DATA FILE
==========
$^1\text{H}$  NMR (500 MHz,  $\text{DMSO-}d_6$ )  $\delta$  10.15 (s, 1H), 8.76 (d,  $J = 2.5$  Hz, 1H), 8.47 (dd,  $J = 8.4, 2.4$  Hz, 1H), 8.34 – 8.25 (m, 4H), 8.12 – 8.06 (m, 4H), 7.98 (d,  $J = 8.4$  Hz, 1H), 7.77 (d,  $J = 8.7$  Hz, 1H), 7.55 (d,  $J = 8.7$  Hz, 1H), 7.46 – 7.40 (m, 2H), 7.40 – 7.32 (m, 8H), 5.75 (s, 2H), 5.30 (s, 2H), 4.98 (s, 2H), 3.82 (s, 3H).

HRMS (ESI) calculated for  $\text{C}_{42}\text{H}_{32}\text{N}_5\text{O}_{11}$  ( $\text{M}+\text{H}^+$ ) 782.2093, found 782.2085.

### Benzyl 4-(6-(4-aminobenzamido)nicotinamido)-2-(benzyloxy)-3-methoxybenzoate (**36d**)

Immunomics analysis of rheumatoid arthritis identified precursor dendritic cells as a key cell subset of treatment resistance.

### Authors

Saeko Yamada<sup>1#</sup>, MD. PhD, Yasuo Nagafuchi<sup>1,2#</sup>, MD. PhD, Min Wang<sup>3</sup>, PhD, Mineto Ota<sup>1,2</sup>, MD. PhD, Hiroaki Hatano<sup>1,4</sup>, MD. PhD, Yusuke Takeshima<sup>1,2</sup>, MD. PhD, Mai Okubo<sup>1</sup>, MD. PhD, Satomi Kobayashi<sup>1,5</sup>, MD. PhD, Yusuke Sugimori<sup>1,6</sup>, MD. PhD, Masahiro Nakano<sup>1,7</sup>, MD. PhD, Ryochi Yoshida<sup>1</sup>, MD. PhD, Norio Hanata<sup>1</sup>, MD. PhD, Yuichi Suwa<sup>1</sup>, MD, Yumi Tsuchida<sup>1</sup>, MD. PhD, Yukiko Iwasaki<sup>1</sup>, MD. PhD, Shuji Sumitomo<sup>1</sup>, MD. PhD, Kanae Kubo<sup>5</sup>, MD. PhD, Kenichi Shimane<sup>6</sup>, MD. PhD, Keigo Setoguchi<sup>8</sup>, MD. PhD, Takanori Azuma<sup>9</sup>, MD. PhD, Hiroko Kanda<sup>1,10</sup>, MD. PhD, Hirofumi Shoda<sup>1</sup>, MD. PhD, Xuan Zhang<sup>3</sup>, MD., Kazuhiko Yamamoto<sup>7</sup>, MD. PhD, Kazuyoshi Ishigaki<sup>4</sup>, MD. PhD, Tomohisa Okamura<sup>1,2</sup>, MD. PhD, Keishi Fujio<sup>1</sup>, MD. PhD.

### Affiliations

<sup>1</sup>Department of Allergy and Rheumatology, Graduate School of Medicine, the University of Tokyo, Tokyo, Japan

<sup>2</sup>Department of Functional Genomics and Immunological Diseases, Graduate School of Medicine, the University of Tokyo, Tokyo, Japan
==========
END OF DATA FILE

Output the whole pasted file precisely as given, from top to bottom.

$^1\text{H}$  NMR (500 MHz,  $\text{DMSO-}d_6$ )  $\delta$  10.15 (s, 1H), 8.76 (d,  $J = 2.5$  Hz, 1H), 8.47 (dd,  $J = 8.4, 2.4$  Hz, 1H), 8.34 – 8.25 (m, 4H), 8.12 – 8.06 (m, 4H), 7.98 (d,  $J = 8.4$  Hz, 1H), 7.77 (d,  $J = 8.7$  Hz, 1H), 7.55 (d,  $J = 8.7$  Hz, 1H), 7.46 – 7.40 (m, 2H), 7.40 – 7.32 (m, 8H), 5.75 (s, 2H), 5.30 (s, 2H), 4.98 (s, 2H), 3.82 (s, 3H).

HRMS (ESI) calculated for  $\text{C}_{42}\text{H}_{32}\text{N}_5\text{O}_{11}$  ( $\text{M}+\text{H}^+$ ) 782.2093, found 782.2085.

### Benzyl 4-(6-(4-aminobenzamido)nicotinamido)-2-(benzyloxy)-3-methoxybenzoate (**36d**)

Immunomics analysis of rheumatoid arthritis identified precursor dendritic cells as a key cell subset of treatment resistance.

### Authors

Saeko Yamada<sup>1#</sup>, MD. PhD, Yasuo Nagafuchi<sup>1,2#</sup>, MD. PhD, Min Wang<sup>3</sup>, PhD, Mineto Ota<sup>1,2</sup>, MD. PhD, Hiroaki Hatano<sup>1,4</sup>, MD. PhD, Yusuke Takeshima<sup>1,2</sup>, MD. PhD, Mai Okubo<sup>1</sup>, MD. PhD, Satomi Kobayashi<sup>1,5</sup>, MD. PhD, Yusuke Sugimori<sup>1,6</sup>, MD. PhD, Masahiro Nakano<sup>1,7</sup>, MD. PhD, Ryochi Yoshida<sup>1</sup>, MD. PhD, Norio Hanata<sup>1</sup>, MD. PhD, Yuichi Suwa<sup>1</sup>, MD, Yumi Tsuchida<sup>1</sup>, MD. PhD, Yukiko Iwasaki<sup>1</sup>, MD. PhD, Shuji Sumitomo<sup>1</sup>, MD. PhD, Kanae Kubo<sup>5</sup>, MD. PhD, Kenichi Shimane<sup>6</sup>, MD. PhD, Keigo Setoguchi<sup>8</sup>, MD. PhD, Takanori Azuma<sup>9</sup>, MD. PhD, Hiroko Kanda<sup>1,10</sup>, MD. PhD, Hirofumi Shoda<sup>1</sup>, MD. PhD, Xuan Zhang<sup>3</sup>, MD., Kazuhiko Yamamoto<sup>7</sup>, MD. PhD, Kazuyoshi Ishigaki<sup>4</sup>, MD. PhD, Tomohisa Okamura<sup>1,2</sup>, MD. PhD, Keishi Fujio<sup>1</sup>, MD. PhD.

### Affiliations

<sup>1</sup>Department of Allergy and Rheumatology, Graduate School of Medicine, the University of Tokyo, Tokyo, Japan

<sup>2</sup>Department of Functional Genomics and Immunological Diseases, Graduate School of Medicine, the University of Tokyo, Tokyo, Japan